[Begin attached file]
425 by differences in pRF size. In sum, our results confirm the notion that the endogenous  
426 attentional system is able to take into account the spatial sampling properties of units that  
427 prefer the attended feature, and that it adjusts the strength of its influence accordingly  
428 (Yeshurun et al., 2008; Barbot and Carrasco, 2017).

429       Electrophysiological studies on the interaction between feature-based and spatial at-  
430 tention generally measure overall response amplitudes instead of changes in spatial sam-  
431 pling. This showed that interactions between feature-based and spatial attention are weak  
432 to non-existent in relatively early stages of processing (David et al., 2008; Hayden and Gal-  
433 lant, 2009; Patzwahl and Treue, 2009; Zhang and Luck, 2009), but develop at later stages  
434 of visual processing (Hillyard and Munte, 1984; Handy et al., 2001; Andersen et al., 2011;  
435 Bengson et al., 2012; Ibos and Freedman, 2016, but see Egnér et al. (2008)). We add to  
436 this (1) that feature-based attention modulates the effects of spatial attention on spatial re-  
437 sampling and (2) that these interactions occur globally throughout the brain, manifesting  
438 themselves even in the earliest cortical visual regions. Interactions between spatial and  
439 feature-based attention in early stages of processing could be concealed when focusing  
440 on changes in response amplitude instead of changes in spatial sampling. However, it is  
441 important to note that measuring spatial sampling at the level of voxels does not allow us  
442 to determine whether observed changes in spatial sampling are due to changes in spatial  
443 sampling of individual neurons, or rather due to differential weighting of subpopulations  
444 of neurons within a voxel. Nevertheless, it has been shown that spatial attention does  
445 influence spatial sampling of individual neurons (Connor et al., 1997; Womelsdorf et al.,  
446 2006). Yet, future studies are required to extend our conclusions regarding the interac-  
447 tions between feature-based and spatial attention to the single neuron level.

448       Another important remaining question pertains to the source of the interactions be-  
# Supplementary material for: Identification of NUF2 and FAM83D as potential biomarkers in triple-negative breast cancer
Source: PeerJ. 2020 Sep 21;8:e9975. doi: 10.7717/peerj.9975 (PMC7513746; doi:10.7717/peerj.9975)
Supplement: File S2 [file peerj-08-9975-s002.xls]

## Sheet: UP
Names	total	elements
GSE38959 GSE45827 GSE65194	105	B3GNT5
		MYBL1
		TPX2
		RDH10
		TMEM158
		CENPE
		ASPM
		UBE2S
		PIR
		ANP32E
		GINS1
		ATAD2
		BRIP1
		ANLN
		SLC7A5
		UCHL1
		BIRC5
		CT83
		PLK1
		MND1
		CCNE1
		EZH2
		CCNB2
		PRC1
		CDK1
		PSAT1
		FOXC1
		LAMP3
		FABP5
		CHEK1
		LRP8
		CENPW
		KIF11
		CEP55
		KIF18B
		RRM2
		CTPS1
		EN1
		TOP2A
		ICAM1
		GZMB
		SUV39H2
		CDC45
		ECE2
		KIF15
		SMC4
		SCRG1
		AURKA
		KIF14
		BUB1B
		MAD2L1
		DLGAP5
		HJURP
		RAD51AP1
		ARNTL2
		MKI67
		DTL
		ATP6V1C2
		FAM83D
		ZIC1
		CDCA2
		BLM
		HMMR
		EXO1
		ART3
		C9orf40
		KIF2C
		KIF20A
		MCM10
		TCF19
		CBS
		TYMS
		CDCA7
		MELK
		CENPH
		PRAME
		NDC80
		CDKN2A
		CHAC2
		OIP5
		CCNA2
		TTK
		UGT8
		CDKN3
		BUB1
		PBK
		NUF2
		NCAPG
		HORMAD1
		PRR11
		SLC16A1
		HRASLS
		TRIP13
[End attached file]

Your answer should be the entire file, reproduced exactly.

425 by differences in pRF size. In sum, our results confirm the notion that the endogenous  
426 attentional system is able to take into account the spatial sampling properties of units that  
427 prefer the attended feature, and that it adjusts the strength of its influence accordingly  
428 (Yeshurun et al., 2008; Barbot and Carrasco, 2017).

429       Electrophysiological studies on the interaction between feature-based and spatial at-  
430 tention generally measure overall response amplitudes instead of changes in spatial sam-  
431 pling. This showed that interactions between feature-based and spatial attention are weak  
432 to non-existent in relatively early stages of processing (David et al., 2008; Hayden and Gal-  
433 lant, 2009; Patzwahl and Treue, 2009; Zhang and Luck, 2009), but develop at later stages  
434 of visual processing (Hillyard and Munte, 1984; Handy et al., 2001; Andersen et al., 2011;  
435 Bengson et al., 2012; Ibos and Freedman, 2016, but see Egnér et al. (2008)). We add to  
436 this (1) that feature-based attention modulates the effects of spatial attention on spatial re-  
437 sampling and (2) that these interactions occur globally throughout the brain, manifesting  
438 themselves even in the earliest cortical visual regions. Interactions between spatial and  
439 feature-based attention in early stages of processing could be concealed when focusing  
440 on changes in response amplitude instead of changes in spatial sampling. However, it is  
441 important to note that measuring spatial sampling at the level of voxels does not allow us  
442 to determine whether observed changes in spatial sampling are due to changes in spatial  
443 sampling of individual neurons, or rather due to differential weighting of subpopulations  
444 of neurons within a voxel. Nevertheless, it has been shown that spatial attention does  
445 influence spatial sampling of individual neurons (Connor et al., 1997; Womelsdorf et al.,  
446 2006). Yet, future studies are required to extend our conclusions regarding the interac-  
447 tions between feature-based and spatial attention to the single neuron level.

448       Another important remaining question pertains to the source of the interactions be-  
# Supplementary material for: Identification of NUF2 and FAM83D as potential biomarkers in triple-negative breast cancer
Source: PeerJ. 2020 Sep 21;8:e9975. doi: 10.7717/peerj.9975 (PMC7513746; doi:10.7717/peerj.9975)
Supplement: File S2 [file peerj-08-9975-s002.xls]

## Sheet: UP
Names	total	elements
GSE38959 GSE45827 GSE65194	105	B3GNT5
		MYBL1
		TPX2
		RDH10
		TMEM158
		CENPE
		ASPM
		UBE2S
		PIR
		ANP32E
		GINS1
		ATAD2
		BRIP1
		ANLN
		SLC7A5
		UCHL1
		BIRC5
		CT83
		PLK1
		MND1
		CCNE1
		EZH2
		CCNB2
		PRC1
		CDK1
		PSAT1
		FOXC1
		LAMP3
		FABP5
		CHEK1
		LRP8
		CENPW
		KIF11
		CEP55
		KIF18B
		RRM2
		CTPS1
		EN1
		TOP2A
		ICAM1
		GZMB
		SUV39H2
		CDC45
		ECE2
		KIF15
		SMC4
		SCRG1
		AURKA
		KIF14
		BUB1B
		MAD2L1
		DLGAP5
		HJURP
		RAD51AP1
		ARNTL2
		MKI67
		DTL
		ATP6V1C2
		FAM83D
		ZIC1
		CDCA2
		BLM
		HMMR
		EXO1
		ART3
		C9orf40
		KIF2C
		KIF20A
		MCM10
		TCF19
		CBS
		TYMS
		CDCA7
		MELK
		CENPH
		PRAME
		NDC80
		CDKN2A
		CHAC2
		OIP5
		CCNA2
		TTK
		UGT8
		CDKN3
		BUB1
		PBK
		NUF2
		NCAPG
		HORMAD1
		PRR11
		SLC16A1
		HRASLS
		TRIP13